Good practice in PhD writing

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I have been reading and examining a lot of PhDs recently (4 in as many weeks!) and this has got me to reflect on some principles of good practice. Doing a PhD is a significant undertaking and dominates the person’s life for a number of years, so it is important that this adventure isn’t taken lightly. Chosen a good supervisor is vital, their role is to guide you and keep you on track, it’s all too easy to go down blind alleys, it is important to remain focused on your core research questions.

I always advise my students to keep an ongoing bibliography of references and for each reference to summarise the main points and indicate how the reference might be used in the thesis. It is a good idea to keep references in referencing software, such as Endnote, Zotero or Mendeley. Write as you go along and stick to a standard structure such as: introduction (setting the scene, explaining why the focus is important, an indication of the contribution to the field and research questions), literature review and explanation of key terms, methodology (data collection and analysis), findings, discussion, conclusions and suggestions for further research. The THES provides a useful set of tips for writing a PhD.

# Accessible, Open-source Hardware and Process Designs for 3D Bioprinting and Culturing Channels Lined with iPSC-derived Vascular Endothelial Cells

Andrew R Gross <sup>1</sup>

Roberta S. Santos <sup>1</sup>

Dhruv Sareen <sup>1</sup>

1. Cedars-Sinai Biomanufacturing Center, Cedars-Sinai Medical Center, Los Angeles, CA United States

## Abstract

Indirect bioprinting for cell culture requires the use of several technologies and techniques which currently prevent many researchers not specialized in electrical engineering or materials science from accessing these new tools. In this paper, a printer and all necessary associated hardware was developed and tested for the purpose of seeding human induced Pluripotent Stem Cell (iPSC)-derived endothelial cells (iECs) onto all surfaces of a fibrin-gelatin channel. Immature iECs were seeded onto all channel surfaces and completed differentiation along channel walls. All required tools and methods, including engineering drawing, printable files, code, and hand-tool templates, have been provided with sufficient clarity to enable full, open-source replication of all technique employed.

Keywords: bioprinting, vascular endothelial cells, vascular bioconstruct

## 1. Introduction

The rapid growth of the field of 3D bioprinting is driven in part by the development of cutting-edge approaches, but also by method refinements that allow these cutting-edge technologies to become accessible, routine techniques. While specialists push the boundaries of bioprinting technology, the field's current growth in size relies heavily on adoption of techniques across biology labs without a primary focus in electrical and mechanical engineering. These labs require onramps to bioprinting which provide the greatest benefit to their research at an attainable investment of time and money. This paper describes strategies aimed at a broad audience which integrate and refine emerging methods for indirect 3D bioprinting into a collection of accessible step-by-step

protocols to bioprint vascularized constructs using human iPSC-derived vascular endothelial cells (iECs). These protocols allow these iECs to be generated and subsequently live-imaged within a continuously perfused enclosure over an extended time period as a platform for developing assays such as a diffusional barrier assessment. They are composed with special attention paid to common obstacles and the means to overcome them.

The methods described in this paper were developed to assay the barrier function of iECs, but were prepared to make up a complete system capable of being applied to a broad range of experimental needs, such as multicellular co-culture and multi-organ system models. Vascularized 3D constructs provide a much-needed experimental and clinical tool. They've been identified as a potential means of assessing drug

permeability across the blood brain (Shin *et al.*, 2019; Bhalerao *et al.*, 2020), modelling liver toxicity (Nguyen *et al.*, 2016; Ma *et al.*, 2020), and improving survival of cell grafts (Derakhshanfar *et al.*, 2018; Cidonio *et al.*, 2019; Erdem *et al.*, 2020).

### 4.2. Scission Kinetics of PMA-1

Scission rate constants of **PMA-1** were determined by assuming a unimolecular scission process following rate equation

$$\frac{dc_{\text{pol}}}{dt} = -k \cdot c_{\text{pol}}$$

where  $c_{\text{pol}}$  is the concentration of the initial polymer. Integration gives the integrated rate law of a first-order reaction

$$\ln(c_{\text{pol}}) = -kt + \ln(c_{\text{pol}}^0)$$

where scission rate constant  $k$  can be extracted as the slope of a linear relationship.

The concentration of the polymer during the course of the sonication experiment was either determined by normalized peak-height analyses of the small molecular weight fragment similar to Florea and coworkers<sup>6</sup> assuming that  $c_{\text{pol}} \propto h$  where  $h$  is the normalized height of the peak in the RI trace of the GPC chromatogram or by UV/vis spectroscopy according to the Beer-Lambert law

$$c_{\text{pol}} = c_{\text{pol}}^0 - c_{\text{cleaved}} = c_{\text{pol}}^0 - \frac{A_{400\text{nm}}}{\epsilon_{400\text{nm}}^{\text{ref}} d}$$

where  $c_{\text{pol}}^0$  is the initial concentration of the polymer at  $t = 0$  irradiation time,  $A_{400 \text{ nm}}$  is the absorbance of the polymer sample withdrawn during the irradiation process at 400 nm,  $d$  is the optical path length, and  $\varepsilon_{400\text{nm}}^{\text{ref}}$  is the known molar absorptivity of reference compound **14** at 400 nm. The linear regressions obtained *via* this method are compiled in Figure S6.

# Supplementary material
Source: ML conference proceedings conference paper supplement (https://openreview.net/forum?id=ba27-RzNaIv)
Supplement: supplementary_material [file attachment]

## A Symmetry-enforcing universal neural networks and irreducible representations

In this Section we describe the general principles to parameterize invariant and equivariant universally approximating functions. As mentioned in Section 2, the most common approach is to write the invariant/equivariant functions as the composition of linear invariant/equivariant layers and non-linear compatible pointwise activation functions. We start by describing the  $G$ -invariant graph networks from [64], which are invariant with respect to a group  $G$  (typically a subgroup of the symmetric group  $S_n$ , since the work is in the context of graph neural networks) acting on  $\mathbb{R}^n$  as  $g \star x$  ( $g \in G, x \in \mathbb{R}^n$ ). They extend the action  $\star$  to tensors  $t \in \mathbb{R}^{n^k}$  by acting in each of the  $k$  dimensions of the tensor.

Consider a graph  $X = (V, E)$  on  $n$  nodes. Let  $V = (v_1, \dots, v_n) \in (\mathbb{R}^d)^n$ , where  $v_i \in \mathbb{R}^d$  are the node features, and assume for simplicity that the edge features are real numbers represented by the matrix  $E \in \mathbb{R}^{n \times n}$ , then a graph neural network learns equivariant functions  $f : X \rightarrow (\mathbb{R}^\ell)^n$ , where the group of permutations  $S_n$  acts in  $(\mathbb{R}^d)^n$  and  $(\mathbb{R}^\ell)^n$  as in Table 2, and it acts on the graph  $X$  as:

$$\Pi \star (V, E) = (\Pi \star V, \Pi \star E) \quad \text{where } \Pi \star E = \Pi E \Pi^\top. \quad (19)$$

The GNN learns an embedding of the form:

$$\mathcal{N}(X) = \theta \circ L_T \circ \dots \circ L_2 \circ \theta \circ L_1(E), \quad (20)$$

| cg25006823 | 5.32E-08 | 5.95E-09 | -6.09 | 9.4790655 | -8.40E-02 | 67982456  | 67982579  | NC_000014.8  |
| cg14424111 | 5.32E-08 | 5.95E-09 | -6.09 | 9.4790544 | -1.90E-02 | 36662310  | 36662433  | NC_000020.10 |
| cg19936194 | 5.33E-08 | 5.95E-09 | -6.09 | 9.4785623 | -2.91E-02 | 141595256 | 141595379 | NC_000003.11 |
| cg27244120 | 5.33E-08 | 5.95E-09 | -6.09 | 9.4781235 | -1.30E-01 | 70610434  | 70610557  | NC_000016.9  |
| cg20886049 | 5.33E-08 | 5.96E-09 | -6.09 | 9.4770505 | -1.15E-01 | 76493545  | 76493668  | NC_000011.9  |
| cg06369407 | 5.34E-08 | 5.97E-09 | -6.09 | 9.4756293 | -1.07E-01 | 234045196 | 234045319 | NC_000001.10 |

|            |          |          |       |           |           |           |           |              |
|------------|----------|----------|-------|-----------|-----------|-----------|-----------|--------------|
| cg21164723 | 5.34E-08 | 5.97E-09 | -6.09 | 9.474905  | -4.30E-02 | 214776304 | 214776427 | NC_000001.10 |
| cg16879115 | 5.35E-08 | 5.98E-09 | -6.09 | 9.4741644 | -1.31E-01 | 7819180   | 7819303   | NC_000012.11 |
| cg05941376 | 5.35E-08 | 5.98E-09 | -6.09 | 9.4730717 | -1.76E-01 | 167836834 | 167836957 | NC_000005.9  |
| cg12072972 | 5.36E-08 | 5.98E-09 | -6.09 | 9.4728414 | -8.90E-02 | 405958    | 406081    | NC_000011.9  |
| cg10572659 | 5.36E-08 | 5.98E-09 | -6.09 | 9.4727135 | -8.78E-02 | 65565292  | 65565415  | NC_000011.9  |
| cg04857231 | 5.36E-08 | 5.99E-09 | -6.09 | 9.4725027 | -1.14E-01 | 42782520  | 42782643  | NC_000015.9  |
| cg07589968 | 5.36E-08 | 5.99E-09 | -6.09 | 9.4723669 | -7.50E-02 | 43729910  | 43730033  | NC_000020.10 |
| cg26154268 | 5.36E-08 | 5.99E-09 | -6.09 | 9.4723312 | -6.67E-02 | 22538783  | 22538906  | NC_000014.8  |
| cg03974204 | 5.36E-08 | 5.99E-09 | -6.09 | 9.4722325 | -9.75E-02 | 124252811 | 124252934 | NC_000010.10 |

At times you will be daunted by the scale of the mountain ahead of you but don’t give up! People are productive at different times of the day, some like working in the morning, others at night, reflect on what your preference is.  Therefore at points in the day you will be more productive, use this time to focus on your data analysis or writing of chapters, at other times you will be less productive, focus on routine tasks such as ensuring references are in the correct format.

A PhD is a major achievement, I always ask candidates at the end of the viva, did they enjoy the viva? And usually they say yes. I also point out that it is the only time in your research career when two people will have thoroughly read your research ;-)

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